Musket, Rifle, Rifle-Musket, and Rifled Musket – a Guide to Nomenclature

The Civil War era saw many changes in military small arms.  For a modern shooter though, this can present a problem in learning the different terms used to describe them.  This blog will lay out a guide for quickly understanding the differences between four of the most popular terms used to describe them.



Musket:  This was the primary military small arm from the late 1600's until the mid 1850's.  These were smoothbores with flintlock ignition until the adoption of the percussion cap replaced them.  The normal load was a round ball that was somewhat undersized for ease of loading.  It was the Americans though that invented the buck-and-ball charge which added three buckshot to the round ball, and significantly increased the chances of getting a hit.  Muskets were rarely fitted with rear sights.  The expectation was that the average solider wasn’t a good enough shot to make aiming worthwhile.  Although considered obsolescent at the time of the Civil War, the demand for small arms was so great that vast numbers were issued and many were used especially in the early days of the conflict.

Rifle:  Obviously, the term 'rifle' derives from the rifling that was added to the barrel.  They were issued to light infantrymen and skirmishers who screened and harassed larger units armed with smoothbore muskets.  American military rifles settled on .54 caliber as the first standard for these type of arms.  Rifles were loaded with patched round balls which slowed loading but dramatically increased accuracy.  During the Civil War, rifles were issued with Minie ammunition and some were bored out to take the standard .58 rifle-musket ammunition.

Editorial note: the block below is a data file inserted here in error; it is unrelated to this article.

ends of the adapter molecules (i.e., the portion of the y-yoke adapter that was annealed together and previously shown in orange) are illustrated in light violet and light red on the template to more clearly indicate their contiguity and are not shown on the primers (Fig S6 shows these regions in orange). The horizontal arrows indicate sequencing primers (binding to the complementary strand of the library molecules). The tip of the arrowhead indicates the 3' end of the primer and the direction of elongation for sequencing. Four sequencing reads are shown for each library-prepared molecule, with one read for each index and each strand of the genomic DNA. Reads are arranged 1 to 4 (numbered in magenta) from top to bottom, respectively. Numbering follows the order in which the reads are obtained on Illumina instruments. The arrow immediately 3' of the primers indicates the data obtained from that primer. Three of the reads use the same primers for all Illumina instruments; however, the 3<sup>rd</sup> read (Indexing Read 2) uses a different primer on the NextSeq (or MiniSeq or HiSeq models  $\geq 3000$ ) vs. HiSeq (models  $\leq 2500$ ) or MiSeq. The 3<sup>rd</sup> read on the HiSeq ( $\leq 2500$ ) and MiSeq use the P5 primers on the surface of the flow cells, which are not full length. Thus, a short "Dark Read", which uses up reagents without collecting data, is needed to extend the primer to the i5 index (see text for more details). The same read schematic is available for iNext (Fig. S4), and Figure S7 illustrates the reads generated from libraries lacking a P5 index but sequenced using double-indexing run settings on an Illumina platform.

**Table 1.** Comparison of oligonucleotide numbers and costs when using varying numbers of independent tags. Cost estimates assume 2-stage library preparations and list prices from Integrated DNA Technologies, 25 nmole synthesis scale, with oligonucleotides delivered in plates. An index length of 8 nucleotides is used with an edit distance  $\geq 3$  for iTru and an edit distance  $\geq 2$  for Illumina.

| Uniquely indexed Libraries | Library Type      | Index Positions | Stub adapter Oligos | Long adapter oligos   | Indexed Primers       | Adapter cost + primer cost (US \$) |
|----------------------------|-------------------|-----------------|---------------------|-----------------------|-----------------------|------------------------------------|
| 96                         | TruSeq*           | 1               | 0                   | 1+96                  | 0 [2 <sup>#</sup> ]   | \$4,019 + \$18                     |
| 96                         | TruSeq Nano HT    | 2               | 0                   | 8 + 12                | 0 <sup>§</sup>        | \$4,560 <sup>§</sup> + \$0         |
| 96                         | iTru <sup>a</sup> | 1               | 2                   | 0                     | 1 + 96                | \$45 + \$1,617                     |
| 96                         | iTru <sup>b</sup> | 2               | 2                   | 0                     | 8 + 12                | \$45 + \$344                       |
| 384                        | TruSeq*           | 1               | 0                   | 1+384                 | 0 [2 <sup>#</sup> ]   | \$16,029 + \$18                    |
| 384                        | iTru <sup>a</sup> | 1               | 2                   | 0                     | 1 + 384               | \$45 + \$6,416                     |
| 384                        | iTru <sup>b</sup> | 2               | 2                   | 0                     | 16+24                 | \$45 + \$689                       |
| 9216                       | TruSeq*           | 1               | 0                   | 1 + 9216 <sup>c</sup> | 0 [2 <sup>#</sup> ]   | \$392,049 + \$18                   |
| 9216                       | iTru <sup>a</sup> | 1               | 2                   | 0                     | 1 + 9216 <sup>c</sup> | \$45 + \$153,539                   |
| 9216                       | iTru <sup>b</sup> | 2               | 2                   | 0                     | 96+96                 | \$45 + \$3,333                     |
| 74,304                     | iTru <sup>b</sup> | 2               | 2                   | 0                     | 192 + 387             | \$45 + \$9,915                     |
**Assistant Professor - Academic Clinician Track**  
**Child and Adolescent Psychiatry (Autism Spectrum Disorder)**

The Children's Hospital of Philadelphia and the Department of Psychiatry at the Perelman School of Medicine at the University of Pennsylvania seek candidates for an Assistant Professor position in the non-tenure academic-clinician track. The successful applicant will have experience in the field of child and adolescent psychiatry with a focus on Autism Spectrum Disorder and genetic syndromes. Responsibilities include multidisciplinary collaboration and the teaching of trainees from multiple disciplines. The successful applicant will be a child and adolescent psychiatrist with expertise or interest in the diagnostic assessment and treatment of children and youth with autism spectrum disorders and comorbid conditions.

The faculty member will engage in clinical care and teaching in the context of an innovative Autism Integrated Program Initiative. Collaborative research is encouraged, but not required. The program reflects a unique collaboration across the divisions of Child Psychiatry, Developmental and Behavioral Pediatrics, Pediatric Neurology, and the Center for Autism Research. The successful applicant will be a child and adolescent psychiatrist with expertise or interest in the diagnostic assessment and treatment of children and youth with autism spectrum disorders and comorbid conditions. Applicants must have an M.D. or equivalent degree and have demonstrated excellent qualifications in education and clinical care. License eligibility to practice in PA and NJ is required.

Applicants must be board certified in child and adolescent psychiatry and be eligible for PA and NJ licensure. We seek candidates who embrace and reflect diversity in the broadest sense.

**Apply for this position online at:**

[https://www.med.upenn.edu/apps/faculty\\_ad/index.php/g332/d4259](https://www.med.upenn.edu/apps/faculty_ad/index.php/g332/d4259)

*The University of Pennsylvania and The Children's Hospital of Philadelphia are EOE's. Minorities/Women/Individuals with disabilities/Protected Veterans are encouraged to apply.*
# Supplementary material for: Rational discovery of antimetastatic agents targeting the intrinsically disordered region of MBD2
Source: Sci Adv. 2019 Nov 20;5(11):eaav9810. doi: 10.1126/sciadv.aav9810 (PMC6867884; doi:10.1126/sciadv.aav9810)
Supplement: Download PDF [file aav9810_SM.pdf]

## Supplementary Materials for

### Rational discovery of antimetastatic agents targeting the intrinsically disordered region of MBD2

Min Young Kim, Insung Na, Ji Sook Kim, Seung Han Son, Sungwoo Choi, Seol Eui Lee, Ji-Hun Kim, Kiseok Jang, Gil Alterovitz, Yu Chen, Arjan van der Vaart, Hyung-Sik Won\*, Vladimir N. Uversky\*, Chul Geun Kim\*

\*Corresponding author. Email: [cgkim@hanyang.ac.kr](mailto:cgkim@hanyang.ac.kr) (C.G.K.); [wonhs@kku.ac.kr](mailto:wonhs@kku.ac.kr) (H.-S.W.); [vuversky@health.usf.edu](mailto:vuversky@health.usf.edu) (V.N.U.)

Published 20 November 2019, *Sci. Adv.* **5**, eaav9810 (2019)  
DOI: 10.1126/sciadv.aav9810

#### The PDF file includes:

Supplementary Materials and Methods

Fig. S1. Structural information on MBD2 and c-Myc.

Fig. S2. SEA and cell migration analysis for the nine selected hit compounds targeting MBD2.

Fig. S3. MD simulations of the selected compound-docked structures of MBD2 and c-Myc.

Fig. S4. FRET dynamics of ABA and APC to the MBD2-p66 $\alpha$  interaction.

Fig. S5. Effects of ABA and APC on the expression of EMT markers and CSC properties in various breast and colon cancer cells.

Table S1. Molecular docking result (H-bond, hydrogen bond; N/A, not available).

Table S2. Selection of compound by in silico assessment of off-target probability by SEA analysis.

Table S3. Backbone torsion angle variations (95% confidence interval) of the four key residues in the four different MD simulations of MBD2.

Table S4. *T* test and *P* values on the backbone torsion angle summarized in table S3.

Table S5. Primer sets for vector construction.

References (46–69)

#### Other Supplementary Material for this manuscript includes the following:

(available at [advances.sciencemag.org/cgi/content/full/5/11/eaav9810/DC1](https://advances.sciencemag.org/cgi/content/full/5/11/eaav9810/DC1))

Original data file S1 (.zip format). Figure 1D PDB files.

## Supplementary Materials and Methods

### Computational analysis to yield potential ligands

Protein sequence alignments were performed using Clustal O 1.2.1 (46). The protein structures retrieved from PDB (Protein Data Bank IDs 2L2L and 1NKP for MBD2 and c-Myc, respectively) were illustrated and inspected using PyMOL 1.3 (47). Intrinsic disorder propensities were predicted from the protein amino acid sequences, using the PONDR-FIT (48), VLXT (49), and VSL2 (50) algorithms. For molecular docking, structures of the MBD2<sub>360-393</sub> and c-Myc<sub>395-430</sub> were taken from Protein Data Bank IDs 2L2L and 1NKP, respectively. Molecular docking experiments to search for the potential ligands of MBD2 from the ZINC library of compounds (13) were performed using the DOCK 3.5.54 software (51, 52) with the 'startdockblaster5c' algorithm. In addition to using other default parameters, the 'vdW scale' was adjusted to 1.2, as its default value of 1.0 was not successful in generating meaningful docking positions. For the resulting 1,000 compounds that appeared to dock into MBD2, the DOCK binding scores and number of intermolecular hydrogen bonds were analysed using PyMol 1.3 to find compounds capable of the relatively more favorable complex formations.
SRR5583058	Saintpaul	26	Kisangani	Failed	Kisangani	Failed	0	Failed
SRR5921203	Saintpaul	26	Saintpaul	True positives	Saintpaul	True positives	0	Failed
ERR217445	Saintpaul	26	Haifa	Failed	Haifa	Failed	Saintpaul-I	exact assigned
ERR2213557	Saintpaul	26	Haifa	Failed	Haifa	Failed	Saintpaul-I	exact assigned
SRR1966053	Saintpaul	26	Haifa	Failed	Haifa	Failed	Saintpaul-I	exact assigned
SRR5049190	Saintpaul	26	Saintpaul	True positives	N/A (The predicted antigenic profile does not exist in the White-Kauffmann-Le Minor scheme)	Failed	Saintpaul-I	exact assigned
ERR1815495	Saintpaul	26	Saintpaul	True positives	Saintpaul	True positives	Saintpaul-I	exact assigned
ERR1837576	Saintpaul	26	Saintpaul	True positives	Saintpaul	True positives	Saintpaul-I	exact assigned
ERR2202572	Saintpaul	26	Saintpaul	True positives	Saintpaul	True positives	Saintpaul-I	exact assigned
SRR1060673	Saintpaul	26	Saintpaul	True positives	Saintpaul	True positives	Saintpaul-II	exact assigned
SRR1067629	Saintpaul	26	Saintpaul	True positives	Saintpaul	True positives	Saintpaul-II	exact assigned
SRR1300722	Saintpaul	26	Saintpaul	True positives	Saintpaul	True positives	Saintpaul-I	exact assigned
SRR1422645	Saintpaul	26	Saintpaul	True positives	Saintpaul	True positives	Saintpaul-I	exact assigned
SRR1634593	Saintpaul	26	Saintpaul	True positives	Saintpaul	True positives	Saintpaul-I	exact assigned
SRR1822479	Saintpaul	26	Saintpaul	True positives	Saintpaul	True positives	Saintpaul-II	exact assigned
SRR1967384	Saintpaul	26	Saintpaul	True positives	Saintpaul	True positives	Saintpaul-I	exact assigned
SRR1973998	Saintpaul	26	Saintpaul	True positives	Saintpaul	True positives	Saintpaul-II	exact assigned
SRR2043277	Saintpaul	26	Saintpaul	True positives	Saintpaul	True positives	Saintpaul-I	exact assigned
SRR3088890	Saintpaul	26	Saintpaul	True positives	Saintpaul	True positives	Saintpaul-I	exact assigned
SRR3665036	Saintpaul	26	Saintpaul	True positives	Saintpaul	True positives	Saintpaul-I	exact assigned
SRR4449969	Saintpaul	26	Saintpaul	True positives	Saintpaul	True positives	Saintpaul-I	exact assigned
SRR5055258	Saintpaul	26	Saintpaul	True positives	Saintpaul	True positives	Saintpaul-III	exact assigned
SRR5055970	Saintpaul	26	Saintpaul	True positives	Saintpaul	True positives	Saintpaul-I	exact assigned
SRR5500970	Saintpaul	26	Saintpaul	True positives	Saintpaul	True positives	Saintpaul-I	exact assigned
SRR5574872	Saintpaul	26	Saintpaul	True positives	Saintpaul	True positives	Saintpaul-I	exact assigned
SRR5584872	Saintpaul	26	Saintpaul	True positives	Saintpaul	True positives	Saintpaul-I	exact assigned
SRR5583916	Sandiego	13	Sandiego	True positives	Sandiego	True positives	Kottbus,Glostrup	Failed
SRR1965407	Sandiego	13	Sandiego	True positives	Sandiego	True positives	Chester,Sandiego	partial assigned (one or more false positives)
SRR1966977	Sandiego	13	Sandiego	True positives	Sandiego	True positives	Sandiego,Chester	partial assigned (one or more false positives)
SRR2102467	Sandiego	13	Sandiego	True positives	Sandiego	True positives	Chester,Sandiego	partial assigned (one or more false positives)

Rifle-Musket:  The development of the Minie ball created a muzzle-loading arm that could be loaded with the speed of a musket yet shoot with the accuracy of a rifle.  But it's introduction created an interesting problem for the British as their riflemen wore a different uniform from their musket-armed infantrymen.  The British solution was to call their new Enfield Pattern 1853 a “rifle-musket”, which eliminated a costly clothing bill!  The term though actually became a useful tool for keeping track of what infantry arms were designed from the outset to fire Minie (or compression) bullets.

Rifled Musket:  Rifled muskets came from attempts to retrofit smoothbore muskets with rifled barrels and rear sights.  They weren't known to be as accurate as a designed-from-scratch rifle-musket and the ammunition was much heavier, but they were better than a smoothbore.  Many of the Model 1842 smoothbore muskets were rifled in the years before the Civil War.


The North-South Skirmish Association (N-SSA) was formed in 1950 to commemorate the heroism of the men, of both sides, who fought in the American Civil War. The N-SSA promotes the safe and competitive shooting of Civil War firearms and artillery while wearing Civil War uniforms. There are currently over 3,500 members composing over 200 units (teams). An N-SSA unit must represent an actual unit that existed during the Civil War, so you'll see units from all over the Union and Confederacy, competing in a friendly and family oriented atmosphere.   Click here to learn more about the organization and make plans to attend a skirmish!



Mike McDaniel has been a member of the N-SSA since 1978 and is currently a member of McGregor’s 2nd Battery, CSA.  He is a second generation skirmisher and grew up at Fort Shenandoah.  While he shoots musket and carbine his greatest passion is the revolver where he has won six national N-SSA championships and over 150 revolver DSCA points.  He also has the honor to be Deputy Team Captain for the United States International Muzzle-Loading Team (USIMLT).